In other games she’s played, she’s learned hard lessons about trust and compassion (she recently lost all her favorite pets in an online “trust exchange” when the other person didn’t not complete his part of the trade), but it did not. Don’t diminish his empathy or reflective nature. It only seemed to have emboldened his sense of what was right and good and made him feel good.

When I managed to come back and rebuild, and she landed on one of my hotel sets, I felt compelled to return the favor and let her stay for free. When you give, you always get it back in one way or another. By being charitable and empathetic, you also realize that you might be the one who needs it one day. But she already knew all that better than me.

As the gap widened between the haves (her) and have-nots (me) in our game, she brought a simple seven-year solution to it, immediately and unprompted, she “felt” the gap and filled him with evening things outside. It was instinctive. Capitalist systems and games usually create inequality, but she showed me that players can always determine the outcome and change the system. By sharing what she had, she helped bridge the gap that game design can create among gamers.

I think we’ve all had this feeling of having more than someone else and never really working to do anything meaningful. When we are with others who have more or less than us, it creates a wealth and lifestyle gap that seems inescapable. Either you or they live a “better” life, and it’s usually felt more deeply by those with less.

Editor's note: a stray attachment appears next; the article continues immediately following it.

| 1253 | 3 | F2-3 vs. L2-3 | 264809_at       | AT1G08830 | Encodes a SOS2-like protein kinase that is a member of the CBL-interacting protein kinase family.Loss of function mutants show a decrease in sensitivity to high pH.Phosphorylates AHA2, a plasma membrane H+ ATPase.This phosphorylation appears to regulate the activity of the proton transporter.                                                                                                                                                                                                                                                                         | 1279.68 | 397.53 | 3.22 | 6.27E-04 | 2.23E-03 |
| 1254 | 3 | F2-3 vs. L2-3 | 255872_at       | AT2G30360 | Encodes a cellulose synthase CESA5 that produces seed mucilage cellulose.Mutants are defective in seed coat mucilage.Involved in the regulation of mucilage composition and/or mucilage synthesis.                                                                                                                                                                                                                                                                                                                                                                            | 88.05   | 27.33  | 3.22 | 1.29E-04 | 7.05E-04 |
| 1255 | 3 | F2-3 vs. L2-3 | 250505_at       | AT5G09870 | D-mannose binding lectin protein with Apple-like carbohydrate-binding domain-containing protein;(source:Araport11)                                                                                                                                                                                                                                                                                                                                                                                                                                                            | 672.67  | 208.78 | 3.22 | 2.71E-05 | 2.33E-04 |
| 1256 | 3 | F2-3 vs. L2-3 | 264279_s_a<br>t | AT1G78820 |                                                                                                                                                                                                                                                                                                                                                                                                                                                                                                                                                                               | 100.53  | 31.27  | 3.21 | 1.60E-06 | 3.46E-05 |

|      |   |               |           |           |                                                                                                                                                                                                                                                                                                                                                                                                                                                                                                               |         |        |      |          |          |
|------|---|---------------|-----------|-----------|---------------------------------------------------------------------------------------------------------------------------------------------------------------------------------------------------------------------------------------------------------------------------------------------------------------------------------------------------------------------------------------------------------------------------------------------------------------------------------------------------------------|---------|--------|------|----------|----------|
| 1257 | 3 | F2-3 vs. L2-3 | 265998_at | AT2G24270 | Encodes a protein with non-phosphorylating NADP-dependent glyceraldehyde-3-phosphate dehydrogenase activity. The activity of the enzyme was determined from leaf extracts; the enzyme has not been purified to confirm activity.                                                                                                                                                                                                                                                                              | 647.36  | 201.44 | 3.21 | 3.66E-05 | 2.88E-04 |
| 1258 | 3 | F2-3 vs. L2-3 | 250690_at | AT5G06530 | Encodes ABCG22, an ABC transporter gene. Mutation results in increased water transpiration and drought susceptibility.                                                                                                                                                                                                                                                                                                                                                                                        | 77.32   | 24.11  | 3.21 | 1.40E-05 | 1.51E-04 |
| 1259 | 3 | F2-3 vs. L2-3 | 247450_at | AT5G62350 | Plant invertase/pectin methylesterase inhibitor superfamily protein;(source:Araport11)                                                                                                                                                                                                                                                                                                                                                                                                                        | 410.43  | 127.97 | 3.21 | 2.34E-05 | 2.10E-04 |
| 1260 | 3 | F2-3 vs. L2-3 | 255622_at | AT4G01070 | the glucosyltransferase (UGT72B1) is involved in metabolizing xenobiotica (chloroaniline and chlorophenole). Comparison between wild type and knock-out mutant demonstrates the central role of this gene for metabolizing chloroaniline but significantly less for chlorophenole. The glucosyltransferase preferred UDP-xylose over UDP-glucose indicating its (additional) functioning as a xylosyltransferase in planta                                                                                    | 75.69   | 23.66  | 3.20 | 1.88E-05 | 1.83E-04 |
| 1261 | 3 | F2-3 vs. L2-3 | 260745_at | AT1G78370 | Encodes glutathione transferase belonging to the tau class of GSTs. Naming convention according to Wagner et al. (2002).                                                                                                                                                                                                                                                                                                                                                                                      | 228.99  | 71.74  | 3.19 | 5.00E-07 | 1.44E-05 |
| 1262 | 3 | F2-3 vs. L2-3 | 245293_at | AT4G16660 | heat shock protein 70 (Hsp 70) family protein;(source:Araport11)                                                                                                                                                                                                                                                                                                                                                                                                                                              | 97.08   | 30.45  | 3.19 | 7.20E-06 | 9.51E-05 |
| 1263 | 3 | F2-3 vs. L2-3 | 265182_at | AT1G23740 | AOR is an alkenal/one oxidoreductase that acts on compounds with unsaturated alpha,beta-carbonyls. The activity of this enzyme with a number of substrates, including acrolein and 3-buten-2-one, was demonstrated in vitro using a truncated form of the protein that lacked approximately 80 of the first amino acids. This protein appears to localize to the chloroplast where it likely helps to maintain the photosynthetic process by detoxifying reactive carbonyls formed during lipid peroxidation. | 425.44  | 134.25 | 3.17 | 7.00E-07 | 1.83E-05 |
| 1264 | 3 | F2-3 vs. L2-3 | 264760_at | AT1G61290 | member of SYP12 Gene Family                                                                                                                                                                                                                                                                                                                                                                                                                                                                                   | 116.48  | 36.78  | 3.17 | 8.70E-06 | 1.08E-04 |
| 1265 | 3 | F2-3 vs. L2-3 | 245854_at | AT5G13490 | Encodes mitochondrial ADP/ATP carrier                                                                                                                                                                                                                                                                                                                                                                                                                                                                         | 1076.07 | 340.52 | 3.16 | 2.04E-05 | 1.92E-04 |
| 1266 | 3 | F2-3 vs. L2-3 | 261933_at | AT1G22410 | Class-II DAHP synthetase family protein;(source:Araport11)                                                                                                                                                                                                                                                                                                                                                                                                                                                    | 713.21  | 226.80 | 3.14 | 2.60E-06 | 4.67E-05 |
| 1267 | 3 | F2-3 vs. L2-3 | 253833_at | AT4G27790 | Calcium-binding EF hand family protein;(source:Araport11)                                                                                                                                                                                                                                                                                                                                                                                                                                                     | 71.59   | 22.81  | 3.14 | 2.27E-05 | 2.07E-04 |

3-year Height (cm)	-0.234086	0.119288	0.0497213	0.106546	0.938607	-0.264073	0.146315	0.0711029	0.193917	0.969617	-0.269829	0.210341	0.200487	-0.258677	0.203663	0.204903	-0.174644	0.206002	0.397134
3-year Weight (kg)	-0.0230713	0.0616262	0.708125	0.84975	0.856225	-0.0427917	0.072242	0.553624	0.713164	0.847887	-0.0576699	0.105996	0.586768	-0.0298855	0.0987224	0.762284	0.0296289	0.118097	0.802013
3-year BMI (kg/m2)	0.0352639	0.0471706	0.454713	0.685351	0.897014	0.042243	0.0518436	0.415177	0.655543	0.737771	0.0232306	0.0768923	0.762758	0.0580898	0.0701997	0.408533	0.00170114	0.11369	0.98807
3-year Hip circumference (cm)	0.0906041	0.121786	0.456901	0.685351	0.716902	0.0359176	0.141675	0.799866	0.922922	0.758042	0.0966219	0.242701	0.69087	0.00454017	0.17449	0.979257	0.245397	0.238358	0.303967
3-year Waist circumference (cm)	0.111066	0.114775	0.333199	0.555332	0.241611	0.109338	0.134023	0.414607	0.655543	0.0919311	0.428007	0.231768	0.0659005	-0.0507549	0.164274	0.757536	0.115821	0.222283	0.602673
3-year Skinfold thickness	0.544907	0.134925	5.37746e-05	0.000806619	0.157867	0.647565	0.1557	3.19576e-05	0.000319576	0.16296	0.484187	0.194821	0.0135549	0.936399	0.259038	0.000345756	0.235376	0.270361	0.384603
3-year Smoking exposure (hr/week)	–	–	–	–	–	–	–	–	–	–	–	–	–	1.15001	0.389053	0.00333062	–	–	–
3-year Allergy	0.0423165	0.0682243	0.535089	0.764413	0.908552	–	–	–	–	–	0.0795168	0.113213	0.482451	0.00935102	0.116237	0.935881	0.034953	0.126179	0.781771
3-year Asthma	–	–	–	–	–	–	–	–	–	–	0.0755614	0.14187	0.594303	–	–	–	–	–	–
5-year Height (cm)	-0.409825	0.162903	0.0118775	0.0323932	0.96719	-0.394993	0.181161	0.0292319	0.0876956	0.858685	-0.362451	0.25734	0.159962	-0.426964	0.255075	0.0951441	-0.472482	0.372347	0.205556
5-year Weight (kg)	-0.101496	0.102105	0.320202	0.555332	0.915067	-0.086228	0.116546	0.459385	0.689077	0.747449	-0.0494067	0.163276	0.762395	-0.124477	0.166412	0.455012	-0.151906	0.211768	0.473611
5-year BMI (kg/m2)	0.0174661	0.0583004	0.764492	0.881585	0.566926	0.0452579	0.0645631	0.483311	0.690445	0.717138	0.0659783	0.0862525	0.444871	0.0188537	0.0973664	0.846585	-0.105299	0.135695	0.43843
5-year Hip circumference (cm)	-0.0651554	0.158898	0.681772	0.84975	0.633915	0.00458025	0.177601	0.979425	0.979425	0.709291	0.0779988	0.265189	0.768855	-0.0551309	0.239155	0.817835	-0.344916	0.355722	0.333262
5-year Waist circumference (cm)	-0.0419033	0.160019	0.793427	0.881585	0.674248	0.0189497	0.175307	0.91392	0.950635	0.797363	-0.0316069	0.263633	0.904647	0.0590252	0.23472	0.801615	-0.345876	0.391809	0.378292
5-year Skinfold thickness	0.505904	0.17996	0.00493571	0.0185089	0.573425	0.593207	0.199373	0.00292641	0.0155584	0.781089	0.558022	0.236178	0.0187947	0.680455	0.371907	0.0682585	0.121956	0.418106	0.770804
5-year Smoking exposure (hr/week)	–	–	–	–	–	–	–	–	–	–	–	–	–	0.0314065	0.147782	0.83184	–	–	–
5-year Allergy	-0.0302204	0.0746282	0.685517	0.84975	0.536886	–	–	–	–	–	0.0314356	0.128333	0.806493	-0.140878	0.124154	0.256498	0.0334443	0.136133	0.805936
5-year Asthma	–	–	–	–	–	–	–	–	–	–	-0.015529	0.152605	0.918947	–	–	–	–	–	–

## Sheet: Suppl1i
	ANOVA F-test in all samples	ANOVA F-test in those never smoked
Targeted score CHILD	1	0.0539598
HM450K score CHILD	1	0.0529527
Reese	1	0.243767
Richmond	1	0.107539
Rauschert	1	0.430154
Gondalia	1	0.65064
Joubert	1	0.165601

All of this made me think of a leveling mechanism (a practice that acts to ensure social equality) that I had once read about in Cultural Anthropology. In some hunter-gatherer communities there is a tradition known as “insulting the meat”. The idea is that when the hunter returns to his group with the animal killed for the meal, the others don’t care much about what he has done, and even do less, to make sure that the hunter does not don’t get a big head: “How can you bring us this little piece of meat?”

The fact that the hunter can bring the meat home makes him neither more nor less than another person. By placing less value on it, members of the community elevate the values ​​of working together and kinship. The way my daughter played Monopoly – even though she was unaware of it – reflected this choice. She chose community and feelings of goodwill, fairness and everyone’s ‘having’, over self-importance and dominance.

Without happiness and abundance for all, we can never truly be happy ourselves, as we are connected to the wider community.

My seven-year-old daughter couldn’t just ride off into the Monopoly sunset with her riches and railroads. I’m not a rich man, but if I was, I like to think I’d play the game like her.

Adam Rodin lives in Winnipeg.